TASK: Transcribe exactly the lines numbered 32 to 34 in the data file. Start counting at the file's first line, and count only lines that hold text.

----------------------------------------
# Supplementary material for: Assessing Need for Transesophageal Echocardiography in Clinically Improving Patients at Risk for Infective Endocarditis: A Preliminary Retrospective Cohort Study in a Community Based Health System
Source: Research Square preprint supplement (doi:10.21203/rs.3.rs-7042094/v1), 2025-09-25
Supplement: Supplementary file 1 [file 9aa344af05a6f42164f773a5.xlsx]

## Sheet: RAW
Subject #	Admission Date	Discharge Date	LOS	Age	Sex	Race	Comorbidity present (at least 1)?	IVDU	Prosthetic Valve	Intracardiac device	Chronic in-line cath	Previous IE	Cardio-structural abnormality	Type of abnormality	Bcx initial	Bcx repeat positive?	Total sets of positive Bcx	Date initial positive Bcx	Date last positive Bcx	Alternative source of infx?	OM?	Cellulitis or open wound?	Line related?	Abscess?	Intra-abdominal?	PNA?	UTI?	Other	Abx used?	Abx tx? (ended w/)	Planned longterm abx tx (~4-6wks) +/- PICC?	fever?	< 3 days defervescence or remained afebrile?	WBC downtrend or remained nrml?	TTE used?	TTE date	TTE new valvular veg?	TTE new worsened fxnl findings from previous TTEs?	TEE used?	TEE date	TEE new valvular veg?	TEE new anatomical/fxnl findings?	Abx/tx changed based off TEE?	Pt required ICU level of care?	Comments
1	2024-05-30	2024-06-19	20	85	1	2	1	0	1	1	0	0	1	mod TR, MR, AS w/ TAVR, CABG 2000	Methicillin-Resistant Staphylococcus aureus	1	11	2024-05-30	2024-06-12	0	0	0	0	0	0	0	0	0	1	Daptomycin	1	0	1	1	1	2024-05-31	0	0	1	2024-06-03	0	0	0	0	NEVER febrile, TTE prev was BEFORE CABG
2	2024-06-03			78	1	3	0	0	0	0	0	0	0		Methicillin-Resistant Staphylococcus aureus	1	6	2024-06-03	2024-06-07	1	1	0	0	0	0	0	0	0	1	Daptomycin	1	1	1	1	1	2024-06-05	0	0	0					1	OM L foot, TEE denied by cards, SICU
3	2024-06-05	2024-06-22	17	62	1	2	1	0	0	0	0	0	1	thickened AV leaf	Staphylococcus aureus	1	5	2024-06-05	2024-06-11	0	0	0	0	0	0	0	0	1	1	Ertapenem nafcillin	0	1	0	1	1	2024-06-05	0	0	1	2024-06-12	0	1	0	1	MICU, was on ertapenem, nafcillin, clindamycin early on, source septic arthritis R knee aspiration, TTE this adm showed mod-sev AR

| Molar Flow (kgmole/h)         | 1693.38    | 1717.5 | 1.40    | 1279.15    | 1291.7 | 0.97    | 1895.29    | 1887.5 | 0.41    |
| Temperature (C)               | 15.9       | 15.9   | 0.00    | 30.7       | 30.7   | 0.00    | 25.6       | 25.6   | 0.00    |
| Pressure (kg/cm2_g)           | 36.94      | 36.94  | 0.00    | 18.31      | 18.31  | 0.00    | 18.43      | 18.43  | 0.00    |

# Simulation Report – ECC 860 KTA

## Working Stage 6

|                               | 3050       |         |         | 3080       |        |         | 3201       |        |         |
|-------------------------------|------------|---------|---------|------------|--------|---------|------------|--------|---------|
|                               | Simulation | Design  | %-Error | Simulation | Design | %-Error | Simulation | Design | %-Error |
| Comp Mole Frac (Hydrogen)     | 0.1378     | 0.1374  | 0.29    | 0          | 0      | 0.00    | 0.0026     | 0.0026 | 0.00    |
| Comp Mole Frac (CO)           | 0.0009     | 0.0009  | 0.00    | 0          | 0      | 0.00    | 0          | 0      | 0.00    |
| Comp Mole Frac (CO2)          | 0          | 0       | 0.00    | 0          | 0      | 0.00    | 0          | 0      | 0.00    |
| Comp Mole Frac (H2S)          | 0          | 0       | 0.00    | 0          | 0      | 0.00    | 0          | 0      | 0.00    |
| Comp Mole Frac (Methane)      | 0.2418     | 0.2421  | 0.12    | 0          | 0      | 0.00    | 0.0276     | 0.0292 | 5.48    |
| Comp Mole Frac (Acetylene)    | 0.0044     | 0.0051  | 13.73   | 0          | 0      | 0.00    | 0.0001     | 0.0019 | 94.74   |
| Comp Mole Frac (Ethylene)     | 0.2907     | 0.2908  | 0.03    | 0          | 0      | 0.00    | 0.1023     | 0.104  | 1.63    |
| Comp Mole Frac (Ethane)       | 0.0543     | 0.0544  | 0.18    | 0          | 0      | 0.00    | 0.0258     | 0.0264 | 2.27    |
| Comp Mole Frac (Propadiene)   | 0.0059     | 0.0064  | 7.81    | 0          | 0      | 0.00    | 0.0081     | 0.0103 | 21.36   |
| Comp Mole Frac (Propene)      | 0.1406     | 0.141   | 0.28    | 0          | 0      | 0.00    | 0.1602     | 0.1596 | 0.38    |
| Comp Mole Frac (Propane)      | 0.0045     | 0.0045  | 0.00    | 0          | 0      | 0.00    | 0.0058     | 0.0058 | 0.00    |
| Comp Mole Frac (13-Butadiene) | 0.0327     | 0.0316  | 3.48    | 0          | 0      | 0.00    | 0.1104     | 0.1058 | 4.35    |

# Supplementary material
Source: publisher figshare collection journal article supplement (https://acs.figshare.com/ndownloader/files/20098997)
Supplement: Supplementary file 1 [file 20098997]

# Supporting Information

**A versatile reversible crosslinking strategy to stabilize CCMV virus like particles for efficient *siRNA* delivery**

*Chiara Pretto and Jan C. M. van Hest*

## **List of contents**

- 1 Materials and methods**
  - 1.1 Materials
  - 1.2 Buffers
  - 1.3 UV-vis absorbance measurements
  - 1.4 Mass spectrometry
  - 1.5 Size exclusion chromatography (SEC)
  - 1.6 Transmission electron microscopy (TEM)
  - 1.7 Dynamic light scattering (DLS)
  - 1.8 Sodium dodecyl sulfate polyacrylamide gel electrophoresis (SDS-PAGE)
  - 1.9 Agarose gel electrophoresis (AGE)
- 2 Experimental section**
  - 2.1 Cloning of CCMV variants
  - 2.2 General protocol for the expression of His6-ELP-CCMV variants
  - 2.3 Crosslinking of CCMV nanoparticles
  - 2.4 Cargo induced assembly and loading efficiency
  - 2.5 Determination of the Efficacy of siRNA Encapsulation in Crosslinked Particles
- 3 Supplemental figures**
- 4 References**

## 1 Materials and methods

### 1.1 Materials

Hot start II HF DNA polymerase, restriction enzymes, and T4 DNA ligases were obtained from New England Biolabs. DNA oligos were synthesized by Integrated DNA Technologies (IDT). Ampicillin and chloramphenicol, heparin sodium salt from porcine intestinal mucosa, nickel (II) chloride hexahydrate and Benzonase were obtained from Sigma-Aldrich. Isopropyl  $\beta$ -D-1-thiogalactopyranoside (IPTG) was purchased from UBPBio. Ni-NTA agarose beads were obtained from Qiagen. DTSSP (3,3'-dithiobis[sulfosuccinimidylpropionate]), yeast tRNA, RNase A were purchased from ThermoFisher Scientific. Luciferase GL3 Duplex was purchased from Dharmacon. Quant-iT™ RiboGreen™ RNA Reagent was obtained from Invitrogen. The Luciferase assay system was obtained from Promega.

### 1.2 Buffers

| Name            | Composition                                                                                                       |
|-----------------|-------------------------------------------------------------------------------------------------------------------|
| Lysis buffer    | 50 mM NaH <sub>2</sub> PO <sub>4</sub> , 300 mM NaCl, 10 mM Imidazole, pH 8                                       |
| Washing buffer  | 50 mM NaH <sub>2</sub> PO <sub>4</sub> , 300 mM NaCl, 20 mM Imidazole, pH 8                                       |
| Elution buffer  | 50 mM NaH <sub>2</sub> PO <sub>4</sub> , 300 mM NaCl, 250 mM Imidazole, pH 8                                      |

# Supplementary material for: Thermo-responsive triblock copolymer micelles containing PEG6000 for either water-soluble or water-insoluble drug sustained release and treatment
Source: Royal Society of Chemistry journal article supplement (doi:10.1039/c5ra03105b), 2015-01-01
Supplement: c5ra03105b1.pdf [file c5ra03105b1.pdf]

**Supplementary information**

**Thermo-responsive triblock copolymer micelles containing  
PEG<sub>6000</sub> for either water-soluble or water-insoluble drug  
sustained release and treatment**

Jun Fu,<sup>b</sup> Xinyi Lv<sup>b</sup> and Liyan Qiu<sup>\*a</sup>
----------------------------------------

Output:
# Supporting Information

**A versatile reversible crosslinking strategy to stabilize CCMV virus like particles for efficient *siRNA* delivery**

*Chiara Pretto and Jan C. M. van Hest*